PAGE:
One mum who grew up in a strict household is determined to do things differently with her own child.
Namwila Mulwanda, 23, says she grew up in a ‘strict African household with authoritarian parents’ – and now she uses ‘gentle parenting’.
This technique means rarely saying no or shouting and encouraging her child to ‘express not suppress’ her emotions – even if she’s having a full-blown tantrum.
Namwila feels her upbringing impacted her mental health as there was an ‘expectation of blind obedience’ from her parents and says she’s a ‘self-confessed ex-people pleaser’.
After studying psychology, Namwila became interested in exploring different parenting methods.
Before having their daughter, Nhyara, 17 months, Namwila and partner, Zephi, 23, decided they wanted to raise their children using a ‘gentle parenting’ style – a philosophy enforcing discipline and boundaries with kindness and respect.
Although it’s not always easy, the parents are already seeing the results they hoped for.
Namwila, a stay-at-home mum, from Colchester, Essex, said: ‘I just want her to have the childhood I didn’t have.
‘We incorporated gentle parenting from the onset, we allow her to express her emotions and want to instill her with confidence.
‘It’s not simply letting your kids do what they want – it’s giving them room to understand the world with mutual respect, empathy and compassion.’
‘Gentle parents’ can still be firm and disciplined – yet there is a difference between discipline and punishment.
‘There are certain things we would never do – we would never spank our daughter and we wouldn’t suppress the expression of emotion,’ said Namwila.
‘If you suppress a child’s ability to feel – they could grow up unable to express their emotions in a healthy way.’
She believes it’s better to work through a child’s feelings in a calm, collective manner as raised voices and shouting rarely works.
‘Too much noise causes the brain to shut down, and children don’t hear the words properly,’ Namwila added.
In moments Nhyara is emotional, her mum will remain patient.
Namwila added: ‘When children are having tantrums the logical side of their brain doesn’t work, and they’re led with the right, emotional side of their brain.’
In these moments, Namwila will say: ‘Oh, let’s try and calm ourselves down.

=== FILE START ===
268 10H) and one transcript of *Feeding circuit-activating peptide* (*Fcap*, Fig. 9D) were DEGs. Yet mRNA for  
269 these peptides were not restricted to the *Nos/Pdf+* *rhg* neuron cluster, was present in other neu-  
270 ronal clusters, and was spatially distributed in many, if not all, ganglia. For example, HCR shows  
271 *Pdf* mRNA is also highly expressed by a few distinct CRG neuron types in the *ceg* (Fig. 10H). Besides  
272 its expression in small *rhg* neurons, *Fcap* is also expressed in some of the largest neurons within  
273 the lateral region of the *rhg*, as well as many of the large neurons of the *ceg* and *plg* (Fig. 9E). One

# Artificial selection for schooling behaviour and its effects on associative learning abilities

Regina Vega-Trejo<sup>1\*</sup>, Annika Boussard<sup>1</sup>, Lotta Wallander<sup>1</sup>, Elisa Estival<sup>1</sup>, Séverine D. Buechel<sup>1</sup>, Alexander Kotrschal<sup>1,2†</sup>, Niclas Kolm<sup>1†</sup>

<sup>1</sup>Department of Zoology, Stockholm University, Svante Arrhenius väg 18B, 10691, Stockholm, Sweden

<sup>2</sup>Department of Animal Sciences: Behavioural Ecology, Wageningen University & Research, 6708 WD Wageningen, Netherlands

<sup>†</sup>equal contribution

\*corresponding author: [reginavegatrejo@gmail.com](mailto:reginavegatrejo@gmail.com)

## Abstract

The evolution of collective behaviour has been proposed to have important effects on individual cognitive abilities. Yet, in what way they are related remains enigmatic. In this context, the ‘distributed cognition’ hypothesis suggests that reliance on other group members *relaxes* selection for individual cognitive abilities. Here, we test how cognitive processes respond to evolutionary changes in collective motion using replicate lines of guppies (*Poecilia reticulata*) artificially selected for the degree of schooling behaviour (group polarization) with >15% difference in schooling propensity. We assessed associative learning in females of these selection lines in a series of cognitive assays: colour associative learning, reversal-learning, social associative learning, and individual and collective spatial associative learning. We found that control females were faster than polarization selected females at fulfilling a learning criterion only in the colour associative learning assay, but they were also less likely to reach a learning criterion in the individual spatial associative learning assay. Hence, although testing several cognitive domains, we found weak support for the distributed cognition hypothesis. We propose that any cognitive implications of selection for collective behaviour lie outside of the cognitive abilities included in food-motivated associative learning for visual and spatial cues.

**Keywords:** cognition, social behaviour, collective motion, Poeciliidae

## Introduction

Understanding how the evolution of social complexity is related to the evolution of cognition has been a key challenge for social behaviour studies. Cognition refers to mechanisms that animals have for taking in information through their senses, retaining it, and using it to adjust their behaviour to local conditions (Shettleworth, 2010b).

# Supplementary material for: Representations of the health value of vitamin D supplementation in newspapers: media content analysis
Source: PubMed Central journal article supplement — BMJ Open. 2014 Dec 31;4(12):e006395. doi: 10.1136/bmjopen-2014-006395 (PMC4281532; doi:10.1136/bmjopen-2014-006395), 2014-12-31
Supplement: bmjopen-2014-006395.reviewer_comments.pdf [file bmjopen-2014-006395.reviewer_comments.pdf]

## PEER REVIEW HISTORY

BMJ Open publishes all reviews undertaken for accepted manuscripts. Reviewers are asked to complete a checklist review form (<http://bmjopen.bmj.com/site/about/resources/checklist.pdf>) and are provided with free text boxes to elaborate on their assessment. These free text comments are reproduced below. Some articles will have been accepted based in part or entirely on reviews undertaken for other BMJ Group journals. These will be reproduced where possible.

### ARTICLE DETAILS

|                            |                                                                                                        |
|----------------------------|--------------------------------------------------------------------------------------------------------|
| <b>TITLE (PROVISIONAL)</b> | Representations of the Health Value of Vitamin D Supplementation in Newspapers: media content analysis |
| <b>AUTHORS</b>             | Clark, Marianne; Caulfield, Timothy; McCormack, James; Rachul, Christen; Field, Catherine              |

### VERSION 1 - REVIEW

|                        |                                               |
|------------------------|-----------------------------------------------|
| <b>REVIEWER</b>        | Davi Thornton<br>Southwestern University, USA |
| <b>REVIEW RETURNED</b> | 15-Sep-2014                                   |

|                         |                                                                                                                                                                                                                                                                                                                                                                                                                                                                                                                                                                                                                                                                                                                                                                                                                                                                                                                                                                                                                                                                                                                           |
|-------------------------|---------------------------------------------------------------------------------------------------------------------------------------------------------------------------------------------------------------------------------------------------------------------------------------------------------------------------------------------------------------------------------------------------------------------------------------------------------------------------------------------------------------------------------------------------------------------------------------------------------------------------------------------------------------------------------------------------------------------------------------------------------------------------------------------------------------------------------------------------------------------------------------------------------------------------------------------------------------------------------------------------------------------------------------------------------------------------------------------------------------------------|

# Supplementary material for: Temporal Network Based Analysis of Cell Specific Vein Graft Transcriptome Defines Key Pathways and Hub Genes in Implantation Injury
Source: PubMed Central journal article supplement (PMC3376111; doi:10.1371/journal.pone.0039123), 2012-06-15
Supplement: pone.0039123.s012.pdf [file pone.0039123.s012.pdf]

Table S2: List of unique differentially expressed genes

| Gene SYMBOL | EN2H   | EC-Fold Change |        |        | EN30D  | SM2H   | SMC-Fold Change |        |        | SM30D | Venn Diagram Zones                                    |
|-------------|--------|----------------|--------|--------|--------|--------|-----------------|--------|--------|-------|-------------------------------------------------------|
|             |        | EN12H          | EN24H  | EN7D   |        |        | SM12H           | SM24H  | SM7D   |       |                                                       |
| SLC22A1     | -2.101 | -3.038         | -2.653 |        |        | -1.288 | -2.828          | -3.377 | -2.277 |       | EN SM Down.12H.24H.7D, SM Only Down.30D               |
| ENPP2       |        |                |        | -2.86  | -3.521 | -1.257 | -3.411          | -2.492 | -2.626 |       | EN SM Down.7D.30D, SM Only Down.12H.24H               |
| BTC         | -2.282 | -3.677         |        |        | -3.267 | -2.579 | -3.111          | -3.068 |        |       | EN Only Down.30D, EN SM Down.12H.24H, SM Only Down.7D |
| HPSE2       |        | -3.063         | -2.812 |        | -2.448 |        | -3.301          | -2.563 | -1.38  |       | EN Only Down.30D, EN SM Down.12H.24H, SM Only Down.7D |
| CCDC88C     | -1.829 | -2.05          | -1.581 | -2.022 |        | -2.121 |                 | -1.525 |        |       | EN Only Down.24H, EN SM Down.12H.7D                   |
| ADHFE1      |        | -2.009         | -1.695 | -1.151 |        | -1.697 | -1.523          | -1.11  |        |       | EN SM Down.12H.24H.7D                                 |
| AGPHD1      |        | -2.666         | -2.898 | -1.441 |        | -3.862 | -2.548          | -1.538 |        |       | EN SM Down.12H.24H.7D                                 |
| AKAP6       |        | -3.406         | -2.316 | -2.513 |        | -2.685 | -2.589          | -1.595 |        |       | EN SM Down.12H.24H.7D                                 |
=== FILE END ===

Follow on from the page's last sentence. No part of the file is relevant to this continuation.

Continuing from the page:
‘I can see you’re upset right now, you’re upset because I’ve taken your toy off you’ – she would then explain why she’d taken the toy off her daughter.
The parents also practice calming techniques like deep breathing activities.
She added: ‘The basis of gentle parenting is just talking to your child from a place of respect and understanding and learning not to yell.
‘If you do yell, you can apologise afterwards and show your accountability.’
After her daughter has calmed down, it is then time to deliver a ‘teaching moment’, explaining what the problem is.
Namwila says gentle parenting involves being intentional with your language and says overusing words such as ‘stop’ and ‘no’ loses the desired effect.
‘We only use no and stop if she has done something really unsafe,’ she said.
‘Instead, we form fuller sentences such as “mumma doesn’t like it when you hit” and then explain why.
‘We also encourage her to do things herself and try not to intervene to teach her to be independent and resilient.’
The mum also practices targeted praise, so instead of simply saying ‘good job’ – the parents choose to elaborate their compliments.
‘For example, when she has scribbled something, I will say you really worked hard on that, I like the pattern,’ Namwila said.
The mum has been accused of ‘raising a snowflake’ but her response to that, is she’d rather raise a child instilled with self-confidence and the tools to take on the world.
‘I know I can’t stop bad things happening in the world, but we want her to have the strength within her to take on the world and to share her light with the world,’ Namwila said.
‘You shouldn’t be harsh to your child to prepare them for a harsh world.’
Key ideas in gentle parenting
- Only raise your voice and shout at children in situations where they are really unsafe
- Don’t overuse the words ‘stop’ and ‘no’
- Never spank or slap your child
- Recite positive affirmations about their personality for example, that they’re intelligent and strong
- Encourage them to ‘feel their emotions’ and overcome them – even if it means having a full blown tantrum
- Use targeted praise that focuses on a specific thing they have done well rather than a generalised ‘good job’
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